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Variables, Relationships, Hypotheses

How to Build a Good Conceptual Model

Jim Goes, Ph.D.


School of Advanced Studies
University of Phoenix
Induction and Deduction

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Where Theory Fits In

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What is a theory?

 Theory verses Ideology


 Theories
 prevent “exceptions to the rule”
 make sense of patterns
 shape research
 Theories are maps of reality. The truth they
depict may be objective facts “out there” or
subjective meanings inside our heads.
 A theory is a statement about how reality works
(Einstein)
 A theory is a systematic explanation for the
observed facts and laws that relate to a particular
aspect of life (Babbie)

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Good theory provides…

 An explanation of the data


 Prediction of future events
 Relative simplicity (parsimony)
 Hypotheses that can be tested
 Practical utility

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What makes a good research question?

• Is the question or problem stated in a solvable way?


• Is the question open and non-biasing?
• How important/relevant is the question?
• Does the research answer the question?
• Are definitions misused as explanations,
circular, or inadequately specific?
• Are conceptual definitions operationalized?

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Putting Theory into a Conceptual Model

 Concept: Abstract elements representing classes


of phenomena with the field of study.
 Variables: Concepts stated in measurable terms
(more specific than concepts).
 Statements: Principles, laws, axioms,
propositions and hypotheses in theory building.
 Postulates lead to propositions
 Propositions lead to hypotheses

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Examples

 Concept: The role of gender in communication.


 Variable: verbal arguments made by women and
men in public speaking.
 Statement: Women have more hedges and
qualifiers in their verbal arguments in public
speaking than do men (a hypothesis).

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From Theory to Hypothesis

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Causes and Common Knowledge

 Going to college causes people to be smarter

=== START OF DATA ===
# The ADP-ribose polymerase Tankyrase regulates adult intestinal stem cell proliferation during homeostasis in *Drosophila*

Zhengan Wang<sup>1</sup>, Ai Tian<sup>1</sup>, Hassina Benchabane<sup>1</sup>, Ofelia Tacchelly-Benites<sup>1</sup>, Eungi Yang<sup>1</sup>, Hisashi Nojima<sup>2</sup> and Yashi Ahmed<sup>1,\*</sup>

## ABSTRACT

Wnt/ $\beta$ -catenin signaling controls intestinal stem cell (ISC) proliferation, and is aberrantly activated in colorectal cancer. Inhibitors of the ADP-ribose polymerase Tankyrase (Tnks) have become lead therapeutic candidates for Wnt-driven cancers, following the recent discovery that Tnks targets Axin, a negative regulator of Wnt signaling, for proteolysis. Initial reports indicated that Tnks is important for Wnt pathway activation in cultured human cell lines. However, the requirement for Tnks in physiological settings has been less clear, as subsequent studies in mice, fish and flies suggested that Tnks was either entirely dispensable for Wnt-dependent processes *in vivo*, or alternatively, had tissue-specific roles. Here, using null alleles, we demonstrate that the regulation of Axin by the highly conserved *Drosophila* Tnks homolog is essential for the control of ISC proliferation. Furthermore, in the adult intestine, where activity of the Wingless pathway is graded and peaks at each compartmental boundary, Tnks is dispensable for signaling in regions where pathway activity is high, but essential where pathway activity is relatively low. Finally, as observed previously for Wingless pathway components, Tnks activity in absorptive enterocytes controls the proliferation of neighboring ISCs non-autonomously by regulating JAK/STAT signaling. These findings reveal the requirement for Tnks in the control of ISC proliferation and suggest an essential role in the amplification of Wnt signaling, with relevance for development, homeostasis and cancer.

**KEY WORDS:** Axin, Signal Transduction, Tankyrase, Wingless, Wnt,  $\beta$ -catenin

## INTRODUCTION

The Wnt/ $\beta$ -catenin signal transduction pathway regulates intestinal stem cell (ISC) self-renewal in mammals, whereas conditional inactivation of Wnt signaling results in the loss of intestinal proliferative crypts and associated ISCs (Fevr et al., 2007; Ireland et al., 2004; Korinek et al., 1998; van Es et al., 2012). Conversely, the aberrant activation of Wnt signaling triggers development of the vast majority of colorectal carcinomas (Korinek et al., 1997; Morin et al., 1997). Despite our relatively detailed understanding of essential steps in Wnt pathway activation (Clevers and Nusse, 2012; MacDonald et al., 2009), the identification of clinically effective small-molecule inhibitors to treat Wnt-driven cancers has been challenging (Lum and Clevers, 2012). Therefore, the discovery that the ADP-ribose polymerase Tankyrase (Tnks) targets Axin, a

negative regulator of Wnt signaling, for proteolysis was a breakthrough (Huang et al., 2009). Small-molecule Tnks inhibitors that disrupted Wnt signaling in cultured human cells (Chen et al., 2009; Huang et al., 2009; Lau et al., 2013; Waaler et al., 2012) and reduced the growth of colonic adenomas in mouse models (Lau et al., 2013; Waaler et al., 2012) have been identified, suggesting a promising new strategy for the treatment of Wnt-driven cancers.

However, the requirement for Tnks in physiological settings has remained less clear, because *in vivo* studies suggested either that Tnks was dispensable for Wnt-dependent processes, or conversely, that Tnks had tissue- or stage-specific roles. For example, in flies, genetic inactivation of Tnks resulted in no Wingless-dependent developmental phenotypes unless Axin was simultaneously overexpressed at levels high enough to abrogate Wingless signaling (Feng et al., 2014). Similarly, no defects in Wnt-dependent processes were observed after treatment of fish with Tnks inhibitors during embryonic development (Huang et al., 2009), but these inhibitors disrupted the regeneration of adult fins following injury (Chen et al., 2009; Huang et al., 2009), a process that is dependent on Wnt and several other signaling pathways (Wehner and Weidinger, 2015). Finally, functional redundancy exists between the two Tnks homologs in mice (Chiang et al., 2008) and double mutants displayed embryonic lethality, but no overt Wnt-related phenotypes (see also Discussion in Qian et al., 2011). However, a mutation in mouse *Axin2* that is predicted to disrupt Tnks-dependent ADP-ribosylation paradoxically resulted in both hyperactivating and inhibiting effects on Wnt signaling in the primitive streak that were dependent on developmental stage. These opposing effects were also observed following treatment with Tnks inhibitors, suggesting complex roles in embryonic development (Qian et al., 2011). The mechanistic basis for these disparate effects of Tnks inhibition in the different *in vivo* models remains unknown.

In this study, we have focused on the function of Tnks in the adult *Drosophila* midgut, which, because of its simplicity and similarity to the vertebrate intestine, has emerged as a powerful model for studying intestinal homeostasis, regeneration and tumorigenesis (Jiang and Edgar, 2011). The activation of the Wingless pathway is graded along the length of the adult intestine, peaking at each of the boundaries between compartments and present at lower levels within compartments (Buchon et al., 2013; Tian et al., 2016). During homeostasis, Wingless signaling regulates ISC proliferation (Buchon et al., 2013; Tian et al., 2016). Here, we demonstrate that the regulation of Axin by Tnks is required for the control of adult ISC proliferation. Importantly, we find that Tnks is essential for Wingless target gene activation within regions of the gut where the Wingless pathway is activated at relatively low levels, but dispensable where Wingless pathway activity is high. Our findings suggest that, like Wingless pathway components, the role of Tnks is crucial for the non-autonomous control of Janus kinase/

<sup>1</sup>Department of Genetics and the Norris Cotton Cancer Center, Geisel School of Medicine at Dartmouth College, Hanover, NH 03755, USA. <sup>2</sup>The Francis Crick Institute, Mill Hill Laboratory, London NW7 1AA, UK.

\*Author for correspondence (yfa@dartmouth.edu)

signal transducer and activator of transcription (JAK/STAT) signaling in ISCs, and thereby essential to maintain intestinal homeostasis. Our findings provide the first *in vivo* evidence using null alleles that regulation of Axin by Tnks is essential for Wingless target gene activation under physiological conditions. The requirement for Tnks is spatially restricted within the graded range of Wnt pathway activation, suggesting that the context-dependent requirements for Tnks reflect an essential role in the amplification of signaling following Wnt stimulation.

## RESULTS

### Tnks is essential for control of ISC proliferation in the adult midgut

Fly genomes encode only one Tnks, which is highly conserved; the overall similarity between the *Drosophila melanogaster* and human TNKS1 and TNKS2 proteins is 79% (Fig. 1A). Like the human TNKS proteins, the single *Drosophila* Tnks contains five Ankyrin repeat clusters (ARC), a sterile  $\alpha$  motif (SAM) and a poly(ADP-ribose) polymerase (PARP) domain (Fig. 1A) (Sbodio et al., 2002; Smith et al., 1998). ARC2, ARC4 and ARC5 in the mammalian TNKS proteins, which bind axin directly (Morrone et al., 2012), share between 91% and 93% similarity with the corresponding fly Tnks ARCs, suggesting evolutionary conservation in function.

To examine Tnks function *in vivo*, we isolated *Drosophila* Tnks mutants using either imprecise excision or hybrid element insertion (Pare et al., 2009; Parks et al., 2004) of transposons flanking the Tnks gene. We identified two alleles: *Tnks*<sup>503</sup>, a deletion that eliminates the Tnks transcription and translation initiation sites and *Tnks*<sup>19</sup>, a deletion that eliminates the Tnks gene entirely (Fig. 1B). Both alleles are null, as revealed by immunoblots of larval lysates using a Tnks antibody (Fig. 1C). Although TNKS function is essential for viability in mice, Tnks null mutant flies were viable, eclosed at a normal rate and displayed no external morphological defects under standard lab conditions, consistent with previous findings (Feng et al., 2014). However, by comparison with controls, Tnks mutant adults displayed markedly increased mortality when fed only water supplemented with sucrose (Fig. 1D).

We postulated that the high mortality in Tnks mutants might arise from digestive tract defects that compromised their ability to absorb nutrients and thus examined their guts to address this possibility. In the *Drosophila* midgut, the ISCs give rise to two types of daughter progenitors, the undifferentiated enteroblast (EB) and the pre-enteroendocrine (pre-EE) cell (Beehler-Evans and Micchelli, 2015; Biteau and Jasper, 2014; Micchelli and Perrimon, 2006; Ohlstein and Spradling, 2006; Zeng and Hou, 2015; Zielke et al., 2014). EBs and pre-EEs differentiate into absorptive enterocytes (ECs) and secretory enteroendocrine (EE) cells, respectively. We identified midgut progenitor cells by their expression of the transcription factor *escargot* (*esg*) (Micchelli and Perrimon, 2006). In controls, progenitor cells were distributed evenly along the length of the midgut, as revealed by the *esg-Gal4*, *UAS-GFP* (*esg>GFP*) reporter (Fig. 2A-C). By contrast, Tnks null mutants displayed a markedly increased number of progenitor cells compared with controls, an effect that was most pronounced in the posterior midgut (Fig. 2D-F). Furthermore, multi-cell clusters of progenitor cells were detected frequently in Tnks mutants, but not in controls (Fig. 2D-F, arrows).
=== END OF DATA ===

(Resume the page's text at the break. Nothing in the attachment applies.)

 Old age leads to senility
 More frequent testing of students makes schools
more accountable for results and leads to greater
student learning
 Tax breaks for corporations stimulate job
creation and lower unemployment
 Left-handed people lead shorter lives

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Causal Relationships and Hypotheses

 Criteria for causality


 Association
 Temporal priority
 No spurious variables
 All three criteria must be met

 Hypotheses
 At least two variables
 Expresses a causal relationship
 Expressed as a prediction
 Logically linked to theory and a research question
 Is testable, i.e., with empirical evidence

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Types of Causal Relationships

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Stating Causal Relationships

 Family breakups cause delinquency


 Family breakups lead to delinquency
 Family breakups are related to delinquency
 Family breakups influence delinquency
 Family breakups are associated with
delinquency
 Family breakups produce delinquency
 Family breakups result in delinquency
 The higher the level of family breakups the
higher the level of delinquency
 Family breakups increase the likelihood of
delinquency

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The Priority of Variables

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Types of Hypotheses

 The Null Hypothesis predicts no relationship


 The Research or Alternative Hypothesis predicts a
relationship
 We say that we can “reject the null” (reject) or “fail
to reject the null” (accept)
 We DON’T say “we can adopt the research
hypothesis”
 Hypotheses are either accepted or rejected – they
are not “partially” accepted or rejected

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Evaluating Relationships

Issues in Relationships
• “third” variables or spurious relationships
• crossing levels of analysis/measurement
• freedom to vary
• causality
Issues to Consider
• Is the analysis based on a single variable?
• Are important “third” variables missing?
• Is the level of relationship measurement the
same as level of hypothesis/conclusion?
• Are variables indeed free to vary?
• Are causal relationships stated or implied?
If so, are they defensible?
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Logical Errors in Causal Explanation

 Tautology
 Teleology
 Spuriousness (Questionable Cause)
 Provincialism
 Hasty Conclusion

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A Spurious Relationship

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